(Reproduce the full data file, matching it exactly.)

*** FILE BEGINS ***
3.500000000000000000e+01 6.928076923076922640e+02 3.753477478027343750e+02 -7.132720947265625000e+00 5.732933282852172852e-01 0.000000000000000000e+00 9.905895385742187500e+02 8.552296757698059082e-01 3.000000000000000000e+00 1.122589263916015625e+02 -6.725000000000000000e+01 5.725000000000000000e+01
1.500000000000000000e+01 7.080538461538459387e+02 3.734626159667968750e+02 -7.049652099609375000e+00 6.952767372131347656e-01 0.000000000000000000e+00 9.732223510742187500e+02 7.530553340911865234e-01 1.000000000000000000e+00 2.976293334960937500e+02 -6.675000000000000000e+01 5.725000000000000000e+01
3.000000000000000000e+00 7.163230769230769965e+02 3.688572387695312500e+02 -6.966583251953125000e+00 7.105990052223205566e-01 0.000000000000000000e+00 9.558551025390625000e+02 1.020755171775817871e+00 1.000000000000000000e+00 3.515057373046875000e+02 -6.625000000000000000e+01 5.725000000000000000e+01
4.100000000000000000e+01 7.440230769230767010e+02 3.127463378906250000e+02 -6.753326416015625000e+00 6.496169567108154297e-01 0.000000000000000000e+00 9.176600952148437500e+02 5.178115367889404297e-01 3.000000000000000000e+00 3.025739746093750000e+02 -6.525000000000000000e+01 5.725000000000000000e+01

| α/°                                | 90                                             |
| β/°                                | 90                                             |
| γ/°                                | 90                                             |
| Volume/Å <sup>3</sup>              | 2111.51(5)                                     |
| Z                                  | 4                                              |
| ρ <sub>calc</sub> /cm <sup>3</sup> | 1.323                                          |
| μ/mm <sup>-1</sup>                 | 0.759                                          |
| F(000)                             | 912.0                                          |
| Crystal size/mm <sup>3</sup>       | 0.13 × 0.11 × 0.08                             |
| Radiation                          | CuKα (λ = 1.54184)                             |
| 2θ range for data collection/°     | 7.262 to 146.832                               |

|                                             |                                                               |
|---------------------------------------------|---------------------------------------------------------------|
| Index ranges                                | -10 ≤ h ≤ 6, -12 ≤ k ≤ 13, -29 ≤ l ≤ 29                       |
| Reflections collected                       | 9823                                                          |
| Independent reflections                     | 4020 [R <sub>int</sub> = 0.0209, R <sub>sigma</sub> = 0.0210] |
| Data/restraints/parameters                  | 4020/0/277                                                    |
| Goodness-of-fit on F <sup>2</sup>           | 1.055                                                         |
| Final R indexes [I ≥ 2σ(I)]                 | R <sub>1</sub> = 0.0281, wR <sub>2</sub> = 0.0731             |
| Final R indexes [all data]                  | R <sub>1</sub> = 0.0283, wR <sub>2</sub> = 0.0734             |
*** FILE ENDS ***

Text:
3.500000000000000000e+01 6.928076923076922640e+02 3.753477478027343750e+02 -7.132720947265625000e+00 5.732933282852172852e-01 0.000000000000000000e+00 9.905895385742187500e+02 8.552296757698059082e-01 3.000000000000000000e+00 1.122589263916015625e+02 -6.725000000000000000e+01 5.725000000000000000e+01
1.500000000000000000e+01 7.080538461538459387e+02 3.734626159667968750e+02 -7.049652099609375000e+00 6.952767372131347656e-01 0.000000000000000000e+00 9.732223510742187500e+02 7.530553340911865234e-01 1.000000000000000000e+00 2.976293334960937500e+02 -6.675000000000000000e+01 5.725000000000000000e+01
3.000000000000000000e+00 7.163230769230769965e+02 3.688572387695312500e+02 -6.966583251953125000e+00 7.105990052223205566e-01 0.000000000000000000e+00 9.558551025390625000e+02 1.020755171775817871e+00 1.000000000000000000e+00 3.515057373046875000e+02 -6.625000000000000000e+01 5.725000000000000000e+01
4.100000000000000000e+01 7.440230769230767010e+02 3.127463378906250000e+02 -6.753326416015625000e+00 6.496169567108154297e-01 0.000000000000000000e+00 9.176600952148437500e+02 5.178115367889404297e-01 3.000000000000000000e+00 3.025739746093750000e+02 -6.525000000000000000e+01 5.725000000000000000e+01

| α/°                                | 90                                             |
| β/°                                | 90                                             |
| γ/°                                | 90                                             |
| Volume/Å <sup>3</sup>              | 2111.51(5)                                     |
| Z                                  | 4                                              |
| ρ <sub>calc</sub> /cm <sup>3</sup> | 1.323                                          |
| μ/mm <sup>-1</sup>                 | 0.759                                          |
| F(000)                             | 912.0                                          |
| Crystal size/mm <sup>3</sup>       | 0.13 × 0.11 × 0.08                             |
| Radiation                          | CuKα (λ = 1.54184)                             |
| 2θ range for data collection/°     | 7.262 to 146.832                               |

|                                             |                                                               |
|---------------------------------------------|---------------------------------------------------------------|
| Index ranges                                | -10 ≤ h ≤ 6, -12 ≤ k ≤ 13, -29 ≤ l ≤ 29                       |
| Reflections collected                       | 9823                                                          |
| Independent reflections                     | 4020 [R <sub>int</sub> = 0.0209, R <sub>sigma</sub> = 0.0210] |
| Data/restraints/parameters                  | 4020/0/277                                                    |
| Goodness-of-fit on F <sup>2</sup>           | 1.055                                                         |
| Final R indexes [I ≥ 2σ(I)]                 | R <sub>1</sub> = 0.0281, wR <sub>2</sub> = 0.0731             |
| Final R indexes [all data]                  | R <sub>1</sub> = 0.0283, wR <sub>2</sub> = 0.0734             |